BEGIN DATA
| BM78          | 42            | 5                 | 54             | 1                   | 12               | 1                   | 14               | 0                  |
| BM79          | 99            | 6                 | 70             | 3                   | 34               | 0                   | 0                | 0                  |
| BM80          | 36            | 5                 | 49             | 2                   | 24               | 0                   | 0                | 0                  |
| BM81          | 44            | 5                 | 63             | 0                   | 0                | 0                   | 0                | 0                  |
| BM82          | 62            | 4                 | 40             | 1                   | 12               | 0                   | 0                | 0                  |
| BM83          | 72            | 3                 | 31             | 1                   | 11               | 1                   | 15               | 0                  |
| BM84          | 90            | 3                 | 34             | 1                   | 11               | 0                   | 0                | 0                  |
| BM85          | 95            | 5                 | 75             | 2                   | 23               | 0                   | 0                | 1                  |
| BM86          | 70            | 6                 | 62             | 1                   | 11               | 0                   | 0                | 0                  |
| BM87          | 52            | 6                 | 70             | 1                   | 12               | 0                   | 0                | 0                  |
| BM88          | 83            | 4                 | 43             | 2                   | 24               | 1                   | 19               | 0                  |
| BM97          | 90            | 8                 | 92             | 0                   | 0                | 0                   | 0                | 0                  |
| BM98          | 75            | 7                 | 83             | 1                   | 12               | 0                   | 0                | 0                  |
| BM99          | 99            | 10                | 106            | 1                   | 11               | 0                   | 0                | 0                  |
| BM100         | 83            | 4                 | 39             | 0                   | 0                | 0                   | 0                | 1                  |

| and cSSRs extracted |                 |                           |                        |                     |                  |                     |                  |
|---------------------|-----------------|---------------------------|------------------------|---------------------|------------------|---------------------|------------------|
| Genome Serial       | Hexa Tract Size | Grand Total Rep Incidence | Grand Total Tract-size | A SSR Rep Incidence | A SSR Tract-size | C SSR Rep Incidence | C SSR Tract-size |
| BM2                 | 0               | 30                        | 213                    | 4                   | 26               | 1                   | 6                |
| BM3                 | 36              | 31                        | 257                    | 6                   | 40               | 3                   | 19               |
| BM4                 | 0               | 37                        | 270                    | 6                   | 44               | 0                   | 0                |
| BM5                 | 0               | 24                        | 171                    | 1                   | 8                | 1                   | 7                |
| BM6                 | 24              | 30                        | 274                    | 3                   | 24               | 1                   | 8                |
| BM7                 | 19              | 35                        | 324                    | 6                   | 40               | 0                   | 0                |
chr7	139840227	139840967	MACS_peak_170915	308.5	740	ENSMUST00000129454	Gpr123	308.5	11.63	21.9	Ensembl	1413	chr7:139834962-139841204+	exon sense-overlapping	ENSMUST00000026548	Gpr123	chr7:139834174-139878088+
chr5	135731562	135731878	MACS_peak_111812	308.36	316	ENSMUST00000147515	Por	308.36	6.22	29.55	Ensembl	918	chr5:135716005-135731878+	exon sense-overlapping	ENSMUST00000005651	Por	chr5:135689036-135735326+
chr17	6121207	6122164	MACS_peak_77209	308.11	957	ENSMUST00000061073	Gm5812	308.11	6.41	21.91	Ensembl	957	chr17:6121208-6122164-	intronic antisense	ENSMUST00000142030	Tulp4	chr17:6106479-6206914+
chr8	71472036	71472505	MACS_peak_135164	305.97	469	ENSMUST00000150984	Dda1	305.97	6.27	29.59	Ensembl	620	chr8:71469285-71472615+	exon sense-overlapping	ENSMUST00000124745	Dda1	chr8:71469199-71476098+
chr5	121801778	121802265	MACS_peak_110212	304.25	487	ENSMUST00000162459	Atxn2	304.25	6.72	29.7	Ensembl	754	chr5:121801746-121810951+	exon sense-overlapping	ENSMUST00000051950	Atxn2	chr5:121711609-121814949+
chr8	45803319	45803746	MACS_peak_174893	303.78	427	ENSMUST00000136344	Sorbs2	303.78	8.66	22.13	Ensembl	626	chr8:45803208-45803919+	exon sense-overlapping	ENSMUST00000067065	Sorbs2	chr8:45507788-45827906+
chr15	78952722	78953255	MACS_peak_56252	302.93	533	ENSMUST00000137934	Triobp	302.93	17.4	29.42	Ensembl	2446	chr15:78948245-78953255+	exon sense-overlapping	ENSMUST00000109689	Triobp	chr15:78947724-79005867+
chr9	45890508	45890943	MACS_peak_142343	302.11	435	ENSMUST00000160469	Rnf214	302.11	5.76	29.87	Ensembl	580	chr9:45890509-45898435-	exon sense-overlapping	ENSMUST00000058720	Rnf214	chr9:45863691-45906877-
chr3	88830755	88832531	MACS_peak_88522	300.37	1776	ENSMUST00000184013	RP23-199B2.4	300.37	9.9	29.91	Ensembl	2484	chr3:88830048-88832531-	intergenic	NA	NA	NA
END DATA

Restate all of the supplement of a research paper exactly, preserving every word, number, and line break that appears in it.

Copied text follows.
| BM78          | 42            | 5                 | 54             | 1                   | 12               | 1                   | 14               | 0                  |
| BM79          | 99            | 6                 | 70             | 3                   | 34               | 0                   | 0                | 0                  |
| BM80          | 36            | 5                 | 49             | 2                   | 24               | 0                   | 0                | 0                  |
| BM81          | 44            | 5                 | 63             | 0                   | 0                | 0                   | 0                | 0                  |
| BM82          | 62            | 4                 | 40             | 1                   | 12               | 0                   | 0                | 0                  |
| BM83          | 72            | 3                 | 31             | 1                   | 11               | 1                   | 15               | 0                  |
| BM84          | 90            | 3                 | 34             | 1                   | 11               | 0                   | 0                | 0                  |
| BM85          | 95            | 5                 | 75             | 2                   | 23               | 0                   | 0                | 1                  |
| BM86          | 70            | 6                 | 62             | 1                   | 11               | 0                   | 0                | 0                  |
| BM87          | 52            | 6                 | 70             | 1                   | 12               | 0                   | 0                | 0                  |
| BM88          | 83            | 4                 | 43             | 2                   | 24               | 1                   | 19               | 0                  |
| BM97          | 90            | 8                 | 92             | 0                   | 0                | 0                   | 0                | 0                  |
| BM98          | 75            | 7                 | 83             | 1                   | 12               | 0                   | 0                | 0                  |
| BM99          | 99            | 10                | 106            | 1                   | 11               | 0                   | 0                | 0                  |
| BM100         | 83            | 4                 | 39             | 0                   | 0                | 0                   | 0                | 1                  |

| and cSSRs extracted |                 |                           |                        |                     |                  |                     |                  |
|---------------------|-----------------|---------------------------|------------------------|---------------------|------------------|---------------------|------------------|
| Genome Serial       | Hexa Tract Size | Grand Total Rep Incidence | Grand Total Tract-size | A SSR Rep Incidence | A SSR Tract-size | C SSR Rep Incidence | C SSR Tract-size |
| BM2                 | 0               | 30                        | 213                    | 4                   | 26               | 1                   | 6                |
| BM3                 | 36              | 31                        | 257                    | 6                   | 40               | 3                   | 19               |
| BM4                 | 0               | 37                        | 270                    | 6                   | 44               | 0                   | 0                |
| BM5                 | 0               | 24                        | 171                    | 1                   | 8                | 1                   | 7                |
| BM6                 | 24              | 30                        | 274                    | 3                   | 24               | 1                   | 8                |
| BM7                 | 19              | 35                        | 324                    | 6                   | 40               | 0                   | 0                |
chr7	139840227	139840967	MACS_peak_170915	308.5	740	ENSMUST00000129454	Gpr123	308.5	11.63	21.9	Ensembl	1413	chr7:139834962-139841204+	exon sense-overlapping	ENSMUST00000026548	Gpr123	chr7:139834174-139878088+
chr5	135731562	135731878	MACS_peak_111812	308.36	316	ENSMUST00000147515	Por	308.36	6.22	29.55	Ensembl	918	chr5:135716005-135731878+	exon sense-overlapping	ENSMUST00000005651	Por	chr5:135689036-135735326+
chr17	6121207	6122164	MACS_peak_77209	308.11	957	ENSMUST00000061073	Gm5812	308.11	6.41	21.91	Ensembl	957	chr17:6121208-6122164-	intronic antisense	ENSMUST00000142030	Tulp4	chr17:6106479-6206914+
chr8	71472036	71472505	MACS_peak_135164	305.97	469	ENSMUST00000150984	Dda1	305.97	6.27	29.59	Ensembl	620	chr8:71469285-71472615+	exon sense-overlapping	ENSMUST00000124745	Dda1	chr8:71469199-71476098+
chr5	121801778	121802265	MACS_peak_110212	304.25	487	ENSMUST00000162459	Atxn2	304.25	6.72	29.7	Ensembl	754	chr5:121801746-121810951+	exon sense-overlapping	ENSMUST00000051950	Atxn2	chr5:121711609-121814949+
chr8	45803319	45803746	MACS_peak_174893	303.78	427	ENSMUST00000136344	Sorbs2	303.78	8.66	22.13	Ensembl	626	chr8:45803208-45803919+	exon sense-overlapping	ENSMUST00000067065	Sorbs2	chr8:45507788-45827906+
chr15	78952722	78953255	MACS_peak_56252	302.93	533	ENSMUST00000137934	Triobp	302.93	17.4	29.42	Ensembl	2446	chr15:78948245-78953255+	exon sense-overlapping	ENSMUST00000109689	Triobp	chr15:78947724-79005867+
chr9	45890508	45890943	MACS_peak_142343	302.11	435	ENSMUST00000160469	Rnf214	302.11	5.76	29.87	Ensembl	580	chr9:45890509-45898435-	exon sense-overlapping	ENSMUST00000058720	Rnf214	chr9:45863691-45906877-
chr3	88830755	88832531	MACS_peak_88522	300.37	1776	ENSMUST00000184013	RP23-199B2.4	300.37	9.9	29.91	Ensembl	2484	chr3:88830048-88832531-	intergenic	NA	NA	NA